After dinner to the Change to buy some linen for my wife; and going back, met our two boys; mine had struck down Creedes boy in the dirt, with his new suit on in the dirt, all over dirty, and the boy taken by a gentlewoman into a house to make clean, but the poor boy was in a pitiful taking and pickle; but I basted my rogue soundly.

8 February 1662/63

Whether the wind and the cold did cause it or no, I know not; but having been this day or two mightily troubled with an iching all over my body, which I took to be a louse or two that might bite me - I find this afternoon that all my body is inflamed, and my face in a sad redness and swelling and pimpled; so that I was, before we had done walking, not only sick but ashamed of myself to see myself so changed in my countenance; so that after we had thus talked, we parted and I walked home with much ado ... the ways being so full of ice and water by peoples' trampling. At last got home and to bed presently and had a very bad night of it, in great pain in my stomach and great fever.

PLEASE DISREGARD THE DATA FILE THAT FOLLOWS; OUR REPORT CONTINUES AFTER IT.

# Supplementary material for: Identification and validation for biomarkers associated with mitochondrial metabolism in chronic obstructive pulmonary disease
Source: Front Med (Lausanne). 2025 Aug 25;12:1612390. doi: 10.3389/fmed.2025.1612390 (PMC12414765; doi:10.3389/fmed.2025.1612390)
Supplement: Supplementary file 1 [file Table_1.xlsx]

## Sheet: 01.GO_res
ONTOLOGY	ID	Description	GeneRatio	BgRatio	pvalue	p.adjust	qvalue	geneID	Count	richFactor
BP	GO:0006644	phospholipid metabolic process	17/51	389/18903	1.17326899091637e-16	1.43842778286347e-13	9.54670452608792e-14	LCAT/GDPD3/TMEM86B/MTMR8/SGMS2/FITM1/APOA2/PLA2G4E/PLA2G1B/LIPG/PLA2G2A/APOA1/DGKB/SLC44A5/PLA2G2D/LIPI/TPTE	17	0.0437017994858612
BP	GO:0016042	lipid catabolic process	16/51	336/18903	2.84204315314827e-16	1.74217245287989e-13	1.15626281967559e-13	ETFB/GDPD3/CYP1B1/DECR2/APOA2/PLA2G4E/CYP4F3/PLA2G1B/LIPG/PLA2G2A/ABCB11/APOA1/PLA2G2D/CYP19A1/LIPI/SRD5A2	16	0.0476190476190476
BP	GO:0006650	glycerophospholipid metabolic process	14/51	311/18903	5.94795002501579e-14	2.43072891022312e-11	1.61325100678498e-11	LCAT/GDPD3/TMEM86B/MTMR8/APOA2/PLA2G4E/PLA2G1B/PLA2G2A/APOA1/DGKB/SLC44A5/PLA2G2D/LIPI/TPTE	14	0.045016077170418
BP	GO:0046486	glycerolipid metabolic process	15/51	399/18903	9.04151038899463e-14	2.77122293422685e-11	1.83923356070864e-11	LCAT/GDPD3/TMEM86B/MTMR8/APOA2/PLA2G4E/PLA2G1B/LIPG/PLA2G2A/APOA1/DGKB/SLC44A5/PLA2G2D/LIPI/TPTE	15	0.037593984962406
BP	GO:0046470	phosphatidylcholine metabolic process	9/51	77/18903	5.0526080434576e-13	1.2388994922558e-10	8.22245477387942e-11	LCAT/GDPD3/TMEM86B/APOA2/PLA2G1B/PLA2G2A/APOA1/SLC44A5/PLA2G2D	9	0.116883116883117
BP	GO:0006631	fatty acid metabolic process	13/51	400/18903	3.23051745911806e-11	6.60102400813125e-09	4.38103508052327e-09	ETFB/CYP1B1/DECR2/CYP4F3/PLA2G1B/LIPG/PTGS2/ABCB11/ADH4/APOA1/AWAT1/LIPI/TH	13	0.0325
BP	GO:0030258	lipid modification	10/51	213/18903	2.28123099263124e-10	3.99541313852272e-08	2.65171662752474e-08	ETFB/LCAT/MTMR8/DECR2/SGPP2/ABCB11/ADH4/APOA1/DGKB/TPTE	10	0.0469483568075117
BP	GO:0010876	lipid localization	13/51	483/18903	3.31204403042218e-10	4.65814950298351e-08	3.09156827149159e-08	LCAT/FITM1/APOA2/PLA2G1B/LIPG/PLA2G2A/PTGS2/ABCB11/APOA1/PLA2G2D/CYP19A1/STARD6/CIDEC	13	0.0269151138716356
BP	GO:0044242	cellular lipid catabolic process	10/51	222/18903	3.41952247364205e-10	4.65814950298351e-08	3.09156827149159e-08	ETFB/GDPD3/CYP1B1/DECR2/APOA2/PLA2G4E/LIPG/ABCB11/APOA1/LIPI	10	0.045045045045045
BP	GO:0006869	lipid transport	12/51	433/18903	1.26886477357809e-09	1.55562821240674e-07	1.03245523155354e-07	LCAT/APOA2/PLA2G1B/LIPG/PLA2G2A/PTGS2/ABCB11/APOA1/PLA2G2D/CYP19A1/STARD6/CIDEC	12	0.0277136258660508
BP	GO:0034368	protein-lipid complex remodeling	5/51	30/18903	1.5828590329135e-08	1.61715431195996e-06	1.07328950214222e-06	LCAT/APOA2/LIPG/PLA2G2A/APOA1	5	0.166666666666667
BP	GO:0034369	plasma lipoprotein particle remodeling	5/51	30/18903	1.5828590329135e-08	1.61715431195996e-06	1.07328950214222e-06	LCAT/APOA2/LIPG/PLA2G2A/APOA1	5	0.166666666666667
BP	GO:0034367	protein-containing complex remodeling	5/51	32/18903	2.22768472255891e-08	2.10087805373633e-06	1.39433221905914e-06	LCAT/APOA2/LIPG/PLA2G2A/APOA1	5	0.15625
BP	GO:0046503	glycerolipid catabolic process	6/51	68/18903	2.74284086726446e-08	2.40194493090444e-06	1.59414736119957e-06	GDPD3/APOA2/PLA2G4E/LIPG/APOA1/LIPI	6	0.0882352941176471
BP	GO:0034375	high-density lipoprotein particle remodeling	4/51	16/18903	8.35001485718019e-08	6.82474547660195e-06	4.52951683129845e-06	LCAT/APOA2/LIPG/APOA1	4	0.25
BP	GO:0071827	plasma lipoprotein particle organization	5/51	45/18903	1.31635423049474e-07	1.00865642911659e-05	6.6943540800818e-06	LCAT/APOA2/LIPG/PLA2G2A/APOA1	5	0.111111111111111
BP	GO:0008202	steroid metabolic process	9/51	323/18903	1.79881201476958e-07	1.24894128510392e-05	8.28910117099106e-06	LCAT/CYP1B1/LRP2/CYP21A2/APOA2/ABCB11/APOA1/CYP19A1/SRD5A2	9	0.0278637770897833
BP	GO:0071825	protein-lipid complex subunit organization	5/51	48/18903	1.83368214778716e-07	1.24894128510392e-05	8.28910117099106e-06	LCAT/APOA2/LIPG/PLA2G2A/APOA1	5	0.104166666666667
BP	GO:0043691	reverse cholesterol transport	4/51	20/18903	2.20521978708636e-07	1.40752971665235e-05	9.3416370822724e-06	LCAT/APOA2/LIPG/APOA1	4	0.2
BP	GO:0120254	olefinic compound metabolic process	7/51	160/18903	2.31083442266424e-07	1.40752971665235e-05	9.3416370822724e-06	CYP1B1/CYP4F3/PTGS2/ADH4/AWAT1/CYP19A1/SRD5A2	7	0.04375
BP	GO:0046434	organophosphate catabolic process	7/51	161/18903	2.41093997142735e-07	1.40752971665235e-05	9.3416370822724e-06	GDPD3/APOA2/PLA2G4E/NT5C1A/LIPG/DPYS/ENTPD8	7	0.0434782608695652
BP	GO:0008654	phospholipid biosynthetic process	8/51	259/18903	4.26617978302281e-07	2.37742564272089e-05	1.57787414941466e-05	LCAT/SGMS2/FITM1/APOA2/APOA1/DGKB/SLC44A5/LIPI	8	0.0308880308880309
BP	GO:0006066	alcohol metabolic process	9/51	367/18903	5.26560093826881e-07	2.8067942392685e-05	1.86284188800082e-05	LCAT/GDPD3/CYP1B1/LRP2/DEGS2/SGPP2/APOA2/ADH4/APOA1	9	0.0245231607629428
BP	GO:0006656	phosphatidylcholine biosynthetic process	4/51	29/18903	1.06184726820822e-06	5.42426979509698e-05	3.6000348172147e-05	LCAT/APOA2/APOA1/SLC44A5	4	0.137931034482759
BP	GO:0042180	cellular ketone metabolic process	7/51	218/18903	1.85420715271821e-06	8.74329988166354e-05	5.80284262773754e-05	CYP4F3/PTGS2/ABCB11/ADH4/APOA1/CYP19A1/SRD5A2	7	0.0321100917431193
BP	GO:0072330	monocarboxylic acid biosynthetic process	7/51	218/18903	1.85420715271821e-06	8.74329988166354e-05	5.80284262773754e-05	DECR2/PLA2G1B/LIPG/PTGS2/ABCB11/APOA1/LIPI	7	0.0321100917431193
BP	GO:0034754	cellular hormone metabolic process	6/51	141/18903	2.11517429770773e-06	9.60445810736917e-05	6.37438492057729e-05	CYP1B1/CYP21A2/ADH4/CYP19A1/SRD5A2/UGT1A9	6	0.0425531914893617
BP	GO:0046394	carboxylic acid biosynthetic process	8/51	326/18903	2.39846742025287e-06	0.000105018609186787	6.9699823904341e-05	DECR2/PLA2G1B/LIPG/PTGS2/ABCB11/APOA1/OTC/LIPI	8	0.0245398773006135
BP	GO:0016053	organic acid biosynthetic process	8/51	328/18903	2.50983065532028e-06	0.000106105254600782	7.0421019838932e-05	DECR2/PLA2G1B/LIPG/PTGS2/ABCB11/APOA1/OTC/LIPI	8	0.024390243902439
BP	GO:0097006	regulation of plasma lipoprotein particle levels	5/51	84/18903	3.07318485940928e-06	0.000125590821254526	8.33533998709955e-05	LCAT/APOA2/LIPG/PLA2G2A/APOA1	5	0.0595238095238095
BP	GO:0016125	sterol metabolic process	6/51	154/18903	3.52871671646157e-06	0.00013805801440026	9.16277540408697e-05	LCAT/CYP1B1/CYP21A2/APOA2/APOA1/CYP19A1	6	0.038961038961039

9 February 1662/63

Could not rise and go to the Duke, as I should have done with the rest, but keep my bed; and by the apothecary's advice, Mr. Battersby, I am to sweat soundly, and that will carry all this matter away; which nature would of itself eject, but this will assist nature - it being some disorder given the blood; but by what I know not, unless it be by my late great Quantitys of Dantzicke=girkins that I have eaten.
In the evening came Sir J. Mennes and Sir W. Batten to see me. And Sir J. Mennes advises me to the same thing; but would not have me take anything from the apothecary, but from him, his Venice Treakle being better than the others; which I did consent to and did anon take and fell into a great sweat; and about 10 or 11 a-clock came out of it, and shifted myself and slept pretty well alone (my wife lying in the red chamber above);